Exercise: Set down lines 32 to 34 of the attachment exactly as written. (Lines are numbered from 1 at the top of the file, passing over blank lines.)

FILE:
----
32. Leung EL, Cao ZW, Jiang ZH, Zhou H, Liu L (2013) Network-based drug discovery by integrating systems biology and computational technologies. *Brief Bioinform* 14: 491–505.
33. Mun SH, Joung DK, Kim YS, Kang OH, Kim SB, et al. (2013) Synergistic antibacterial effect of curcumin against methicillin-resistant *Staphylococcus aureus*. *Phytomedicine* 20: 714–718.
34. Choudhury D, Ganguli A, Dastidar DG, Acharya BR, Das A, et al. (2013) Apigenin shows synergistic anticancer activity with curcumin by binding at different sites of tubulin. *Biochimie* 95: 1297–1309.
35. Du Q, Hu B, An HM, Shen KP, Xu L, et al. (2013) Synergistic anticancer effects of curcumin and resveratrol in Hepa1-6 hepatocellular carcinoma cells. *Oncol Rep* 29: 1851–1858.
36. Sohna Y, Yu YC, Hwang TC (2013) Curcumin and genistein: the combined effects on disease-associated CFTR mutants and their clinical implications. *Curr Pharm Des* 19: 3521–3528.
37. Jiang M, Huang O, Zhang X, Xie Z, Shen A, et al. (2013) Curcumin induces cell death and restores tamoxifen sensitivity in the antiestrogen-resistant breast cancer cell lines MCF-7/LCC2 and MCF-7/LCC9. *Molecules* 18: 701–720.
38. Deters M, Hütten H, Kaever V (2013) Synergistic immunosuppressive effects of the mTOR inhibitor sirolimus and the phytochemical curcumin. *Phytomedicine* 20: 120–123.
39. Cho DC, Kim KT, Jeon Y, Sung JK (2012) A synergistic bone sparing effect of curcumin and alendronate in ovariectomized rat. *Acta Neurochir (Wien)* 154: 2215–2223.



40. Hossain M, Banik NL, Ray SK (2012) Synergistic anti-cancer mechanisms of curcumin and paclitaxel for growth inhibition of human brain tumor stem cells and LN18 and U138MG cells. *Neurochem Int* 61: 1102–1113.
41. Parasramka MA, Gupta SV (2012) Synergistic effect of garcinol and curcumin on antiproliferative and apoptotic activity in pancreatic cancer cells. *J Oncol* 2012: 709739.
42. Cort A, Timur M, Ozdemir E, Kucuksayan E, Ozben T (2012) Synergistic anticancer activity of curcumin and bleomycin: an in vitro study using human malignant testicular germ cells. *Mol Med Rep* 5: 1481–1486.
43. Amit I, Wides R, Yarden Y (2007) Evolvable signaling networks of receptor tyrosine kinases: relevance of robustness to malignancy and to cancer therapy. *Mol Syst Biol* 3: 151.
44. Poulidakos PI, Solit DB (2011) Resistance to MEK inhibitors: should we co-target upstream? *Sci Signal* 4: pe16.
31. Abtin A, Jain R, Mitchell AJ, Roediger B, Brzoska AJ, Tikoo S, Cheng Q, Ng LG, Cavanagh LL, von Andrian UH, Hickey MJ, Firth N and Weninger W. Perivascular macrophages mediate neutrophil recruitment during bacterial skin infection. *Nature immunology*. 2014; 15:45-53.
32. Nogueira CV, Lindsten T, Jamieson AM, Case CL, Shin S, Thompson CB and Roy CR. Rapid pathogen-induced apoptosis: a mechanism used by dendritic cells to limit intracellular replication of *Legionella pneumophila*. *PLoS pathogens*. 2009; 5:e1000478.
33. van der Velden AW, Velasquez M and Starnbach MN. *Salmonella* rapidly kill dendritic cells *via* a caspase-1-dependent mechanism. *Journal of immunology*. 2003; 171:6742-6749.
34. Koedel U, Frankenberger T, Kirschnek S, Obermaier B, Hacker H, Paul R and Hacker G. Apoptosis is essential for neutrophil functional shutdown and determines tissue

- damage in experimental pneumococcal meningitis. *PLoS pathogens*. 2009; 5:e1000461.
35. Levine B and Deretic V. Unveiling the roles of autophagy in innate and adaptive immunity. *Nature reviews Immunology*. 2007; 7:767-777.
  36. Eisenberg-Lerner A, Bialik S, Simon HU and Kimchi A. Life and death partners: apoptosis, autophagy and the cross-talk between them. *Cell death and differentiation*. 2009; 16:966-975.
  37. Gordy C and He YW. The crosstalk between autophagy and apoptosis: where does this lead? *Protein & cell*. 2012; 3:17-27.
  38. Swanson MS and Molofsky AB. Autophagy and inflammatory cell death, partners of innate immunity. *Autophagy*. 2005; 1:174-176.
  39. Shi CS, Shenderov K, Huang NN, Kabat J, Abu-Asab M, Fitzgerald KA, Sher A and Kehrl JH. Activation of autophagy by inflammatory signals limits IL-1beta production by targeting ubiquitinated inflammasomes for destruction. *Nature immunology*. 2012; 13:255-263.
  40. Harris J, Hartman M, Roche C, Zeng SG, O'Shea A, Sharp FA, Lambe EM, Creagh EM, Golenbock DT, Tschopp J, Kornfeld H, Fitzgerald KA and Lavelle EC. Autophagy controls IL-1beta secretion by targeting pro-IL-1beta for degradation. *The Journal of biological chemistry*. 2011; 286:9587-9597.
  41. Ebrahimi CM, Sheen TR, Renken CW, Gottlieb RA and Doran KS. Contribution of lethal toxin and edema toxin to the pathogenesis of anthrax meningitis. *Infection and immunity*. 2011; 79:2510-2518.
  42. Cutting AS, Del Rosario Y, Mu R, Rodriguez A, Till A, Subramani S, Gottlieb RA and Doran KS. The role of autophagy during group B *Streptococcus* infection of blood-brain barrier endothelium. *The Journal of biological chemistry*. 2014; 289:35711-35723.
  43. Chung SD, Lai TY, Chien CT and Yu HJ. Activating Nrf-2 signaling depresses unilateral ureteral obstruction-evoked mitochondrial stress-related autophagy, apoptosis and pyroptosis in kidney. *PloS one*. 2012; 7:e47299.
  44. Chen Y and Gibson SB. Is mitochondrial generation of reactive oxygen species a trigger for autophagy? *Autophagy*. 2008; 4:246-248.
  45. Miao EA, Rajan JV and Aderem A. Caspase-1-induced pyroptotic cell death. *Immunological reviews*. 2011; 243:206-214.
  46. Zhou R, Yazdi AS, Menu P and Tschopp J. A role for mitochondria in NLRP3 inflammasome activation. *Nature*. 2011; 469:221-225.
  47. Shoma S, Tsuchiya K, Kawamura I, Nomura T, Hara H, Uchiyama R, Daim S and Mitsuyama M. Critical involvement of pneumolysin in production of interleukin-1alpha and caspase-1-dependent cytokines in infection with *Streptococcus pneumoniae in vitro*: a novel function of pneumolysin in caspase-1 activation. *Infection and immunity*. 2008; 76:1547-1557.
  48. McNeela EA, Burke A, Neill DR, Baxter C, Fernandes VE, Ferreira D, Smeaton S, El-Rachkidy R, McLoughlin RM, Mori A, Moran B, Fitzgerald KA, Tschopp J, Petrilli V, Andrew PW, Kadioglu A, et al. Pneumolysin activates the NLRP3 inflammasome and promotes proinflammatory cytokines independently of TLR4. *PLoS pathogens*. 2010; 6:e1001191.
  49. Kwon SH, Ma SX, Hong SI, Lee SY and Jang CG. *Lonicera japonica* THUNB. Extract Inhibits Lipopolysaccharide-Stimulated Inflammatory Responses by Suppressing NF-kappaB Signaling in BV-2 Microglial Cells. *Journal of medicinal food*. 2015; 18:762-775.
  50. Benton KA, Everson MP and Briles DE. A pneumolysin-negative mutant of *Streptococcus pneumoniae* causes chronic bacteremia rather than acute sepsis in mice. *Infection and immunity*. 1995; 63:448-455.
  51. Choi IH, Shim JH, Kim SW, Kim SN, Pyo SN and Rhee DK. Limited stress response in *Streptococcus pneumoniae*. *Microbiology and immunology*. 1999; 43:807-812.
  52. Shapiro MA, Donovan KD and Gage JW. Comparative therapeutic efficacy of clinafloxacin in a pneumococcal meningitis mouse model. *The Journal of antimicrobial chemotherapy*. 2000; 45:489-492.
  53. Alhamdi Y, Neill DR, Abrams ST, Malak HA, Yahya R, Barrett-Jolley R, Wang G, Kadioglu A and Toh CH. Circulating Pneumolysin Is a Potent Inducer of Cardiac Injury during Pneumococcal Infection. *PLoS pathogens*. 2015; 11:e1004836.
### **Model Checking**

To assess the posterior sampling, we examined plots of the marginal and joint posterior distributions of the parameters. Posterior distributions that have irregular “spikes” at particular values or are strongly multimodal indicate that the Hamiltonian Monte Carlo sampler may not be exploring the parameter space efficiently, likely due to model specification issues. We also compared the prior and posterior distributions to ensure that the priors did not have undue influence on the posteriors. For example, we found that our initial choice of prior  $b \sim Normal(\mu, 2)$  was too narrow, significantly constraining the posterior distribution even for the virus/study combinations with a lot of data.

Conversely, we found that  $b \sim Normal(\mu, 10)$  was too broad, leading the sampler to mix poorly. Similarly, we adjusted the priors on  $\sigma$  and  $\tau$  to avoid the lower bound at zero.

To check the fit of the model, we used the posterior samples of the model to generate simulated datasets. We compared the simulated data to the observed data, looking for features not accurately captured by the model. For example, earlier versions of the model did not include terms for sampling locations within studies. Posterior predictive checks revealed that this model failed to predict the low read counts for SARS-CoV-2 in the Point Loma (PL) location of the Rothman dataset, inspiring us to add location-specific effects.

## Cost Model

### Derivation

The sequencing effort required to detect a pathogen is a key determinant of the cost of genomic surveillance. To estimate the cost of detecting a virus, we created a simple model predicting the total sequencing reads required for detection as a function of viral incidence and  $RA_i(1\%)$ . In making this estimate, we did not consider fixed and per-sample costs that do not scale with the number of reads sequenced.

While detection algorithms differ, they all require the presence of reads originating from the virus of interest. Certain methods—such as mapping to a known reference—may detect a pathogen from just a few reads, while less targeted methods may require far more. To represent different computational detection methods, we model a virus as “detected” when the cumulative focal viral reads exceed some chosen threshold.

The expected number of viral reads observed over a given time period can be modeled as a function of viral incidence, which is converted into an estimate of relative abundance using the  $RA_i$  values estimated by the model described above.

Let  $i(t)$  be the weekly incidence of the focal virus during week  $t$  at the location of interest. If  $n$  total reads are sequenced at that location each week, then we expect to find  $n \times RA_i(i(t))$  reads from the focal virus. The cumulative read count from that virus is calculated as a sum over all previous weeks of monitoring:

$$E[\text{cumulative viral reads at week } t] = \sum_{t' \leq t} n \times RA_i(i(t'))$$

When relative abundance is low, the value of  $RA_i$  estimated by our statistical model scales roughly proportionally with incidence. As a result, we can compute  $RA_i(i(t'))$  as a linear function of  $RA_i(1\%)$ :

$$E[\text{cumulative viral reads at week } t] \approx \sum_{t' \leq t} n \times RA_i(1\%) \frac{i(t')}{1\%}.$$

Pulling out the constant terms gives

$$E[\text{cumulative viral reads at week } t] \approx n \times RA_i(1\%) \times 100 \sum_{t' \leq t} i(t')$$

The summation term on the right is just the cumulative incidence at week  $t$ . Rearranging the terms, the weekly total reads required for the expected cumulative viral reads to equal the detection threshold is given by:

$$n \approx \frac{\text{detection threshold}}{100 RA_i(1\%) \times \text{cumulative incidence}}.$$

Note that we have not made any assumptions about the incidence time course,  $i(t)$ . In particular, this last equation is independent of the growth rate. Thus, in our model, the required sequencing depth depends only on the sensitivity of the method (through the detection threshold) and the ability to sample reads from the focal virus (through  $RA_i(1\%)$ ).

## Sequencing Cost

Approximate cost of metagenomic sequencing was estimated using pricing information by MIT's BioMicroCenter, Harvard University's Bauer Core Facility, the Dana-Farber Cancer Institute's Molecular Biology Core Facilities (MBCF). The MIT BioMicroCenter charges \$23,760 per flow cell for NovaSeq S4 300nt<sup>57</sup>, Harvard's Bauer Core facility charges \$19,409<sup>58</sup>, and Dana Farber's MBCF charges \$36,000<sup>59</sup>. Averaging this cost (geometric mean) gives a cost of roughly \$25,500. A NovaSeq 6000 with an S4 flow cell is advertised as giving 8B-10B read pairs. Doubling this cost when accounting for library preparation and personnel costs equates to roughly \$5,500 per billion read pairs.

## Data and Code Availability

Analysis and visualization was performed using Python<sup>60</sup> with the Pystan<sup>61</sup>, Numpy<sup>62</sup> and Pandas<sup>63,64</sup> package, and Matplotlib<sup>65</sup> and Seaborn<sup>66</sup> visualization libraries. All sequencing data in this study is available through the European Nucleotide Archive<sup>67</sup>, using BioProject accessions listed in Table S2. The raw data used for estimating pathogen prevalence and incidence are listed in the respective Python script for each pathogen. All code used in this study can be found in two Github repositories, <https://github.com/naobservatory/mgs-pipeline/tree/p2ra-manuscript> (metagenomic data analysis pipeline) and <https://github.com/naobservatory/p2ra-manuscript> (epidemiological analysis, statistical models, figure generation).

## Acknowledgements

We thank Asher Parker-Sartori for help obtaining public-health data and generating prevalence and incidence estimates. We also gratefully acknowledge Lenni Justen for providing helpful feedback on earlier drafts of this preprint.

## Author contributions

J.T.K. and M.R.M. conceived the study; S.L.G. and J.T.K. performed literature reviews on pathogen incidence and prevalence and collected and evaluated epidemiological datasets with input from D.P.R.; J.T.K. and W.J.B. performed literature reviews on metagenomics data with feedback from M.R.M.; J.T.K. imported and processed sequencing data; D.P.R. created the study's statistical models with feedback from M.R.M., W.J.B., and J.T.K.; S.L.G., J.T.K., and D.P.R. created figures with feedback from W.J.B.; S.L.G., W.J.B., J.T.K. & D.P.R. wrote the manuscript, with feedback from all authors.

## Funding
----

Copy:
  48. McNeela EA, Burke A, Neill DR, Baxter C, Fernandes VE, Ferreira D, Smeaton S, El-Rachkidy R, McLoughlin RM, Mori A, Moran B, Fitzgerald KA, Tschopp J, Petrilli V, Andrew PW, Kadioglu A, et al. Pneumolysin activates the NLRP3 inflammasome and promotes proinflammatory cytokines independently of TLR4. *PLoS pathogens*. 2010; 6:e1001191.
  49. Kwon SH, Ma SX, Hong SI, Lee SY and Jang CG. *Lonicera japonica* THUNB. Extract Inhibits Lipopolysaccharide-Stimulated Inflammatory Responses by Suppressing NF-kappaB Signaling in BV-2 Microglial Cells. *Journal of medicinal food*. 2015; 18:762-775.
  50. Benton KA, Everson MP and Briles DE. A pneumolysin-negative mutant of *Streptococcus pneumoniae* causes chronic bacteremia rather than acute sepsis in mice. *Infection and immunity*. 1995; 63:448-455.